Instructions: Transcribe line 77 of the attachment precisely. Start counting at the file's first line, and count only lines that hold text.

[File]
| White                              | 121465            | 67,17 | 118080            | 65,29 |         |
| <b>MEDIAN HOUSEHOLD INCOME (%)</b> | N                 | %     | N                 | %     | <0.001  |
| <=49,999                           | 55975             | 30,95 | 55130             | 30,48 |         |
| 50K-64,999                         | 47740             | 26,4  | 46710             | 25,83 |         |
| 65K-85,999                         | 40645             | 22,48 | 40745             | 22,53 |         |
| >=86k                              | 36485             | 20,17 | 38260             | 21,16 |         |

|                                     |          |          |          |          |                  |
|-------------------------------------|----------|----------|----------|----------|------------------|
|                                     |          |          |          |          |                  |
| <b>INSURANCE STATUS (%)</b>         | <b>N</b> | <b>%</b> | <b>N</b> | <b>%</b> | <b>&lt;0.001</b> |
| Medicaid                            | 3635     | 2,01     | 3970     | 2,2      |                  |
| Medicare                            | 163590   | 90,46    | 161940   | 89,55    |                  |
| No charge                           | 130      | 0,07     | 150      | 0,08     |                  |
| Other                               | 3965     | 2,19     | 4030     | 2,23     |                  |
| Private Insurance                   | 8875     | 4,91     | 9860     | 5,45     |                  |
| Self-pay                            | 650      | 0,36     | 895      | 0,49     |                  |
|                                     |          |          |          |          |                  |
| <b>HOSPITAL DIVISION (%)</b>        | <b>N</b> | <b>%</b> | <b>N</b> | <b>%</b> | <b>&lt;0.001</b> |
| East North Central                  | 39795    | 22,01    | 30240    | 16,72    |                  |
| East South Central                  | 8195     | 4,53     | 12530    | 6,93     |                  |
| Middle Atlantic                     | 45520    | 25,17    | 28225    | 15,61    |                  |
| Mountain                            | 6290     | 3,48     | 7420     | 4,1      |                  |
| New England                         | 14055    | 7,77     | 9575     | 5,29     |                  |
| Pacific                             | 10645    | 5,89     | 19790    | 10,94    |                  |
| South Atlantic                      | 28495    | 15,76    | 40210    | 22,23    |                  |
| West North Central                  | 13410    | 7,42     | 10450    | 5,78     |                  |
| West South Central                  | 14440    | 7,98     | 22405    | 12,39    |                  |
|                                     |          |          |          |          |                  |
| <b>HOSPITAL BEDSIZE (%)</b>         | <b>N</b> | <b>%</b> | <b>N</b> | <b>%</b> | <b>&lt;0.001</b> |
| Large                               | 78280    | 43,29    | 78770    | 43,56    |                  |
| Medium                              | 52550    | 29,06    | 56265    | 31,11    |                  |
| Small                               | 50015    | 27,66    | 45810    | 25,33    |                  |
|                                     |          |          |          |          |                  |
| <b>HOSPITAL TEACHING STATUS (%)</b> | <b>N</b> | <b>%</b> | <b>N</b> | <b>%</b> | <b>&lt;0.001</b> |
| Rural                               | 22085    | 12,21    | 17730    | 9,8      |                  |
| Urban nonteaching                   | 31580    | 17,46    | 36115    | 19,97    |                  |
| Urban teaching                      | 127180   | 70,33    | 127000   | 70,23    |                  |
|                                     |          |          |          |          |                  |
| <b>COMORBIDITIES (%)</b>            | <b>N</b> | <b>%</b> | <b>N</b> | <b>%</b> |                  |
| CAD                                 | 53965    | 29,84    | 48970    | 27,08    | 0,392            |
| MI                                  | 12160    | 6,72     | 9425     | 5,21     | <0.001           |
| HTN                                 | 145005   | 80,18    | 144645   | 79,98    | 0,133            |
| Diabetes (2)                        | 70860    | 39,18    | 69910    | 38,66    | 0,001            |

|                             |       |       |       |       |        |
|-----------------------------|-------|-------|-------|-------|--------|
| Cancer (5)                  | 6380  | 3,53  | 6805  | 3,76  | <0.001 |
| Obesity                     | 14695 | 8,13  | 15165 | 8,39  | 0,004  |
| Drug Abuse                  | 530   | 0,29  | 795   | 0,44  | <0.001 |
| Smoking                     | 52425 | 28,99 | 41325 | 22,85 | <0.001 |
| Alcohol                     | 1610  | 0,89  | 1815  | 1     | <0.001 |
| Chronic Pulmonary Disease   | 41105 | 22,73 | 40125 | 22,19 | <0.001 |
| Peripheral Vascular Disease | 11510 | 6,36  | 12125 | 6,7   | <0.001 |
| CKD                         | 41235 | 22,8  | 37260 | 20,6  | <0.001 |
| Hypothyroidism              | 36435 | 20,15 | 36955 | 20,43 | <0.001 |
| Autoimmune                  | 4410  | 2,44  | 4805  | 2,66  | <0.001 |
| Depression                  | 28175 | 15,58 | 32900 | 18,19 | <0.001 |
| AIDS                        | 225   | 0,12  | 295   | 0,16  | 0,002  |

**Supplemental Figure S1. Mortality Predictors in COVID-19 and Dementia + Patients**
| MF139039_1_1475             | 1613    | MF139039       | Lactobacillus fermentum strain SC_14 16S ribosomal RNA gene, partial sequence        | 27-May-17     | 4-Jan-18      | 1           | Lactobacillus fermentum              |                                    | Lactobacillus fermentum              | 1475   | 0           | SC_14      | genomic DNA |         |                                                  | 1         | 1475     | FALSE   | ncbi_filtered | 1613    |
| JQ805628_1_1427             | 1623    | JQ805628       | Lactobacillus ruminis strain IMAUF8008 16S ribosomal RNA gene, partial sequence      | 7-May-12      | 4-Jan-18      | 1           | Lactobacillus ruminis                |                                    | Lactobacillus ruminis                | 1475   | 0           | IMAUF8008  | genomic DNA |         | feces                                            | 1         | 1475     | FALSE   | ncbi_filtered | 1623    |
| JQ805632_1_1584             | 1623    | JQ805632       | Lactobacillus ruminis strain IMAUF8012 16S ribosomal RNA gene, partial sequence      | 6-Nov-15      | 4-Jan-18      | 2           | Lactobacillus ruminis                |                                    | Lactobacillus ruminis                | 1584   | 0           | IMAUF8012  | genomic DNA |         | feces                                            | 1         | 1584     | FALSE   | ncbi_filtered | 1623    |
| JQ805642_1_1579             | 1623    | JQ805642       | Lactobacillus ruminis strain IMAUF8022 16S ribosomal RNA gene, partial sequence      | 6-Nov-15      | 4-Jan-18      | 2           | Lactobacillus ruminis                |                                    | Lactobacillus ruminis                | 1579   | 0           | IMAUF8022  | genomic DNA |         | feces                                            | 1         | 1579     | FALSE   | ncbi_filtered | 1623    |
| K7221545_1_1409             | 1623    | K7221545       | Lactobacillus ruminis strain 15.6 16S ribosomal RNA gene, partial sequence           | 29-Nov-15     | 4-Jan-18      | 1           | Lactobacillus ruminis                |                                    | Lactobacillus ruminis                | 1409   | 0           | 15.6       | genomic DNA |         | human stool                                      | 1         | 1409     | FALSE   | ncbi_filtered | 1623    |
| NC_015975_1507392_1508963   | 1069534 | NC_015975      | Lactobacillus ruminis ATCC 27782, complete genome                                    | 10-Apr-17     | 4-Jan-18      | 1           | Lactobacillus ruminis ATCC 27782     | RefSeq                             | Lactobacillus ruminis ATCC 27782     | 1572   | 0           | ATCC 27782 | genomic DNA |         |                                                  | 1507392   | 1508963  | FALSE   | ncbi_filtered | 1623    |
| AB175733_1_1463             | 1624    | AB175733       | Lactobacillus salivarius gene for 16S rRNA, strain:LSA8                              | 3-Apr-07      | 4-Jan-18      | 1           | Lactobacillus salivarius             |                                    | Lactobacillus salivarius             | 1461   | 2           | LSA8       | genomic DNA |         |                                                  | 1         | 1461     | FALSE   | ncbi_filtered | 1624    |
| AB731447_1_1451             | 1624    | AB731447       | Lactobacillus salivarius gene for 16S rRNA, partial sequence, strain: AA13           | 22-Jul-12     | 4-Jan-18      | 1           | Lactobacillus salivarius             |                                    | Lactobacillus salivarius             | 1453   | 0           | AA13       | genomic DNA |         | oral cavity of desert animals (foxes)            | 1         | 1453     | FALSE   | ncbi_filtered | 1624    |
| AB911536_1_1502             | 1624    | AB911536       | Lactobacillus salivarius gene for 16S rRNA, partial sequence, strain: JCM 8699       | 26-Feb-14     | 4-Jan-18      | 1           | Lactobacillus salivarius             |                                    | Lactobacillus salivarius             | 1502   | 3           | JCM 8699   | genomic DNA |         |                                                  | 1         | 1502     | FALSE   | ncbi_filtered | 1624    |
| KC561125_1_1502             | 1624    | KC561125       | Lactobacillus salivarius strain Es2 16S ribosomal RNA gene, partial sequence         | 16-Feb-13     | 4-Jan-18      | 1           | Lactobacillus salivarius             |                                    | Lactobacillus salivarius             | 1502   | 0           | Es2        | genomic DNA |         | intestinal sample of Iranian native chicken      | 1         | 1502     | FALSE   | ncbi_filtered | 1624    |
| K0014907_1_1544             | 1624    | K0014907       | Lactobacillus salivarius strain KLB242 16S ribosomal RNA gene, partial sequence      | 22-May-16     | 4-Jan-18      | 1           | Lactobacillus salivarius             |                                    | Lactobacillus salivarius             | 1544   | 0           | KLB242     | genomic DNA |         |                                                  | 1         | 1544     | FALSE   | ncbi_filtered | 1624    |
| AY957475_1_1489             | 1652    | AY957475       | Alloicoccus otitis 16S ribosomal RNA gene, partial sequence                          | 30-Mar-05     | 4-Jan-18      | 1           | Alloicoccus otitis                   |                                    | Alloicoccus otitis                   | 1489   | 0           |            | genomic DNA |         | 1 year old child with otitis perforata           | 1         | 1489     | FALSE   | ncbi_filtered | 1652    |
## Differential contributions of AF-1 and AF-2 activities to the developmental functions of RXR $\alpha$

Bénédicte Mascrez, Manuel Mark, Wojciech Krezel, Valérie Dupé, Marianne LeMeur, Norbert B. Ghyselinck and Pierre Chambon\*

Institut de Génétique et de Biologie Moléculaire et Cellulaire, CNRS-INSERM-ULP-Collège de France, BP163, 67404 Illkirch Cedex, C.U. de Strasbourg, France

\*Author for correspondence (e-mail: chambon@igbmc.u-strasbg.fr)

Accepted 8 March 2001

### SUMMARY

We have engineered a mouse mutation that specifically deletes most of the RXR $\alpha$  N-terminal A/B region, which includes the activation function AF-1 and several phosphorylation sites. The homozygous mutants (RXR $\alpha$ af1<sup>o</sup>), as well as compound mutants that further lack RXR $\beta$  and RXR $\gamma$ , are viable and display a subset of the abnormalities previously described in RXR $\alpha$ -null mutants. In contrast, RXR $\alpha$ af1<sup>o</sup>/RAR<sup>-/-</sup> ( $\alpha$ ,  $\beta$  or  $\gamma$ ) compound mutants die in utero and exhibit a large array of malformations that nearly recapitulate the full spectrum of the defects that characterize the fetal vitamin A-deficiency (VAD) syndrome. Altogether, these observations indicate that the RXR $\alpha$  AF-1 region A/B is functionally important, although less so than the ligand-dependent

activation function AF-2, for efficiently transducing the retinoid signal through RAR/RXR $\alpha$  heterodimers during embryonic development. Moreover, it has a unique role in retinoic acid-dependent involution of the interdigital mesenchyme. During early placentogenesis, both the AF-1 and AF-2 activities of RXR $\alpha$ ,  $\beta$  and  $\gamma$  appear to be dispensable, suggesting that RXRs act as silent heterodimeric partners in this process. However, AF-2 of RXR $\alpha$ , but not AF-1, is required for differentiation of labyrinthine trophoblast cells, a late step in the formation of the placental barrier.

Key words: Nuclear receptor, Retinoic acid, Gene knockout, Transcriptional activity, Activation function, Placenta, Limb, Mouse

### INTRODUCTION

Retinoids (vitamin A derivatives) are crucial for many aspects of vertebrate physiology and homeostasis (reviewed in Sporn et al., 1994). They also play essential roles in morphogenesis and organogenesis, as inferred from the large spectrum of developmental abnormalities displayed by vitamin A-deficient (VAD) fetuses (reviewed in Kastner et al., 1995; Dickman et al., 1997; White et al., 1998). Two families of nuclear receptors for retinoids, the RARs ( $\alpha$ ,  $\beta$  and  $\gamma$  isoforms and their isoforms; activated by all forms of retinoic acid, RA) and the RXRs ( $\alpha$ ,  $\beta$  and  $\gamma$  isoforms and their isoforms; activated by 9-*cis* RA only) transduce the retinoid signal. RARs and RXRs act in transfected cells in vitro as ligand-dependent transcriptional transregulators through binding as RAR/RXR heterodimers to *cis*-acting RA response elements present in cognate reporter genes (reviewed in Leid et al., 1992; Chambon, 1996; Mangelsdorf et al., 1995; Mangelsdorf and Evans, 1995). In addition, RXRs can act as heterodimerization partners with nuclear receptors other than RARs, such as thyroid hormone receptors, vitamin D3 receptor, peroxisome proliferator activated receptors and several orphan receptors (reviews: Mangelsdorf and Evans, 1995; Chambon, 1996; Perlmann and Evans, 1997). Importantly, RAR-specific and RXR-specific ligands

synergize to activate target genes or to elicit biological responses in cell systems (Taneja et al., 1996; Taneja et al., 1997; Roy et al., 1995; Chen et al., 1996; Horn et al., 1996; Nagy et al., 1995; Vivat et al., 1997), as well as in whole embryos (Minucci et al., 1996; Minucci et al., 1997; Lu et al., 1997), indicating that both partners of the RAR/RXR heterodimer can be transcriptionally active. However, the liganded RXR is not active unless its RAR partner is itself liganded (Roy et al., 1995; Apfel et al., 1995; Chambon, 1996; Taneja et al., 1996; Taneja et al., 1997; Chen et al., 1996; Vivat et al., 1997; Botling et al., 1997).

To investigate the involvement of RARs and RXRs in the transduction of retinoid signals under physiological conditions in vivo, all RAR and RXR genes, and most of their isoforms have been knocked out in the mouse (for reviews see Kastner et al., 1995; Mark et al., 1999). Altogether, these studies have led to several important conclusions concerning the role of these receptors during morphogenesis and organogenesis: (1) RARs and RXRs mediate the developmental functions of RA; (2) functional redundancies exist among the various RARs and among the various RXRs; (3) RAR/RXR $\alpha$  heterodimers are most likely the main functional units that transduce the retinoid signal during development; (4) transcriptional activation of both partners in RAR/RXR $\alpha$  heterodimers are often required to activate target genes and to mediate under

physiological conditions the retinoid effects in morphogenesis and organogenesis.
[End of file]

We have engineered a mouse mutation that specifically deletes most of the RXR $\alpha$  N-terminal A/B region, which includes the activation function AF-1 and several phosphorylation sites. The homozygous mutants (RXR $\alpha$ af1<sup>o</sup>), as well as compound mutants that further lack RXR $\beta$  and RXR $\gamma$ , are viable and display a subset of the abnormalities previously described in RXR $\alpha$ -null mutants. In contrast, RXR $\alpha$ af1<sup>o</sup>/RAR<sup>-/-</sup> ( $\alpha$ ,  $\beta$  or  $\gamma$ ) compound mutants die in utero and exhibit a large array of malformations that nearly recapitulate the full spectrum of the defects that characterize the fetal vitamin A-deficiency (VAD) syndrome. Altogether, these observations indicate that the RXR $\alpha$  AF-1 region A/B is functionally important, although less so than the ligand-dependent